Una Morris and Laura Profumo of Garden Court are instructed by Ruth Mellor of Saunders Law for the family. Una, Laura and Ruth are members of the INQUEST Lawyers Group.
Nuno Cardoso died following arrest by Thames Valley Police in Oxford on 24 November 2017. The inquest concluded yesterday (17 July) with the jury reaching an uncritical narrative conclusion, despite the troubling evidence heard during the hearing. Nuno was one of five black men to die following use of force by police in the year 2017, the majority of these cases relate to the police’s response to drug swallowing or consumption.
Nuno, from Kentish Town in London, was 25 years old and in the first year of a law course at Ruskin College in Oxford. His family describe him as a caring, charismatic and outgoing person, the life and soul of their home, who wherever he went would bring laughter.
Nuno was arrested at Ruskin College at approximately 4.50am on 24 November 2017, following reports of an altercation. Restraint and batons were used during the arrest. The inquest heard that Nuno was demonstrating signs of intoxication. In the body worn video recorded of the arrest, which was shown during the inquest, officers can be heard discussing the possibility that Nuno had something in his mouth. At this point Nuno was not properly communicating with the officers. One of the Ruskin College witnesses described Nuno as talking as though he had a mouth full of food. The officers told him that if he did not show them what was in his mouth that they would have to take him to hospital. Officers told the inquest that they ultimately did not believe he had anything in his mouth.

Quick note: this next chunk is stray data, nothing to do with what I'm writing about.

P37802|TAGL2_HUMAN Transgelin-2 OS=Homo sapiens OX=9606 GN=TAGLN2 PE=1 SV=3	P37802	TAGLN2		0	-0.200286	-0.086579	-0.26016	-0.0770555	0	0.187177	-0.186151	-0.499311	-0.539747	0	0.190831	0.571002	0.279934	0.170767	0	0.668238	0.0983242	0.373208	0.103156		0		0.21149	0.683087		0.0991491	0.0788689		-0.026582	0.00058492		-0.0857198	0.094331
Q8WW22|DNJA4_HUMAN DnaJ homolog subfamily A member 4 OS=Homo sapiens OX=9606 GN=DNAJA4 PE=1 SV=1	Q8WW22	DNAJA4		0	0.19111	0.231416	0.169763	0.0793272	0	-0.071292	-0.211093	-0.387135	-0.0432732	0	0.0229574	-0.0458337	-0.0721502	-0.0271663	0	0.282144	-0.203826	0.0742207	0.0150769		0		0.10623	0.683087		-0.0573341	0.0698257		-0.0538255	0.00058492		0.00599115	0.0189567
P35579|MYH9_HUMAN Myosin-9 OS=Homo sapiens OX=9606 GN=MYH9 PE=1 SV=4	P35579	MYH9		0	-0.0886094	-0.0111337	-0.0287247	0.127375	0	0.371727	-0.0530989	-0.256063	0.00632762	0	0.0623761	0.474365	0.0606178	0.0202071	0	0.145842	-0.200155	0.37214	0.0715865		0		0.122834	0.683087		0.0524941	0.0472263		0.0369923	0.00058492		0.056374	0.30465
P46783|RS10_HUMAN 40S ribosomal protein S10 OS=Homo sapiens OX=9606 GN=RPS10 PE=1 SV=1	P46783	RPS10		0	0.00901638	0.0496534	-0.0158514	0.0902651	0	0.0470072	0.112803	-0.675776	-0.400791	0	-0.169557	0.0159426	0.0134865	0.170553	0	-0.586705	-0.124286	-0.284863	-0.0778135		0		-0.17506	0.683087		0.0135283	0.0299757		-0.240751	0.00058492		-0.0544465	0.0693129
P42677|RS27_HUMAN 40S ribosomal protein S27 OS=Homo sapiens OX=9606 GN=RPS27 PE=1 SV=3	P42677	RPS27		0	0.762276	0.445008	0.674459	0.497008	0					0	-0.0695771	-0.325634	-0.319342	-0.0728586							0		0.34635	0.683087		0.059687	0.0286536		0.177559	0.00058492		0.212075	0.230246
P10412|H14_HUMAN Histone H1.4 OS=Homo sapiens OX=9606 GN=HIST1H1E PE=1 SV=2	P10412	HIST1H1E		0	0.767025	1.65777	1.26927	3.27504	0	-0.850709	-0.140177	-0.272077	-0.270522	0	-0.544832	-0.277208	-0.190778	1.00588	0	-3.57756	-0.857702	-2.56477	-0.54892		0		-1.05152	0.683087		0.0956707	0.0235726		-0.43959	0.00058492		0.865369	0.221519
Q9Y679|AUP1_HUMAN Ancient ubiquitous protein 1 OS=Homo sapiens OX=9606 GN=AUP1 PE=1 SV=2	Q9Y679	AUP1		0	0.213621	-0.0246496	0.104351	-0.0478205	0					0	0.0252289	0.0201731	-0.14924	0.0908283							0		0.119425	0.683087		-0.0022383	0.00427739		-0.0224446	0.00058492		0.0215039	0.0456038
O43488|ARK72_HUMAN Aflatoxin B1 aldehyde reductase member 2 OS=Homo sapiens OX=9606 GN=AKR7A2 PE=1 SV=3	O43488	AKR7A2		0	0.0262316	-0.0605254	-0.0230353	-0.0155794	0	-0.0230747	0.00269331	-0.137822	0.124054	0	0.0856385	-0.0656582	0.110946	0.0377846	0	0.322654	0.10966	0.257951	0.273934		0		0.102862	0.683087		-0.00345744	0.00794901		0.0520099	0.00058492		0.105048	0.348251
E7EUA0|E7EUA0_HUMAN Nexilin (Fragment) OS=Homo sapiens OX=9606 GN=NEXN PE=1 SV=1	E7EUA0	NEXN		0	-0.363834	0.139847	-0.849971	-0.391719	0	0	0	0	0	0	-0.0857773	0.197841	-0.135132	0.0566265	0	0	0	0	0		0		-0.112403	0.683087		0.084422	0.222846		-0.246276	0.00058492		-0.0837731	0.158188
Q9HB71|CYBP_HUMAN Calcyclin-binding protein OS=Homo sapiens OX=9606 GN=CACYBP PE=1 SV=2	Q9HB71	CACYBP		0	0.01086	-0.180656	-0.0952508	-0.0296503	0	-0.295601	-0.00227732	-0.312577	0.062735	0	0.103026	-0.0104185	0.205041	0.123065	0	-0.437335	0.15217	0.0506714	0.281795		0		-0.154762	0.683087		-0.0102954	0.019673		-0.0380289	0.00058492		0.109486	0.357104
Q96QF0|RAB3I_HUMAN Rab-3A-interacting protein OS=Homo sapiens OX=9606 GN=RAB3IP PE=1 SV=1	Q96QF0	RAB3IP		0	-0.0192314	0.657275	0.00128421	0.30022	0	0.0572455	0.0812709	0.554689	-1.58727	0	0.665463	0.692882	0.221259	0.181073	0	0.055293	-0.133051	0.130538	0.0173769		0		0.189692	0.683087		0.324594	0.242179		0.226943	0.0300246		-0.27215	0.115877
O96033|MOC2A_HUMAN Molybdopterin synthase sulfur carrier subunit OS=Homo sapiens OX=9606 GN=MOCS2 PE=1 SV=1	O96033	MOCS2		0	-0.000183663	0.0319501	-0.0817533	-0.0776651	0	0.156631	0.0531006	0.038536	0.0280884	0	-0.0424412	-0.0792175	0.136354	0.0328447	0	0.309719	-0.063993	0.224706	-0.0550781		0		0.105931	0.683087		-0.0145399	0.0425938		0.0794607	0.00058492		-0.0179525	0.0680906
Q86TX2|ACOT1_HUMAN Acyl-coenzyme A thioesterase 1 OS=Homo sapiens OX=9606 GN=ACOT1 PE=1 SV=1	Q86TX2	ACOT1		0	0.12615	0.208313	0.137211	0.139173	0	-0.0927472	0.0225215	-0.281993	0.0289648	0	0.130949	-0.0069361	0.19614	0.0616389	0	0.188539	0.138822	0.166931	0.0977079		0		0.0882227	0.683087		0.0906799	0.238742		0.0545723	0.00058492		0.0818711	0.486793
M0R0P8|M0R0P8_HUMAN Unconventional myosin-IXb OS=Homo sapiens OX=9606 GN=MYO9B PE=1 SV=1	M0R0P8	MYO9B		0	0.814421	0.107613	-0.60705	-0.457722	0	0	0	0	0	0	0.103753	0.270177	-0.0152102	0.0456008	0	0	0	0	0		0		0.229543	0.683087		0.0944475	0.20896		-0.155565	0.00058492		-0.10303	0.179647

Police guidance at the time was that, if someone was believed or suspected to be packing drugs, they should be taken to hospital. However, Nuno was not taken to the hospital five or six minutes away, but instead was transported in a van to Abingdon Police Station, around 20 minutes away. Officers reported that, on the way to the police station, Nuno appeared to be chewing something, started to sweat and slumped in his seat. Police officers gave some first aid and the ambulance service was called. Nuno was then taken to the John Radcliffe Hospital and died later that day.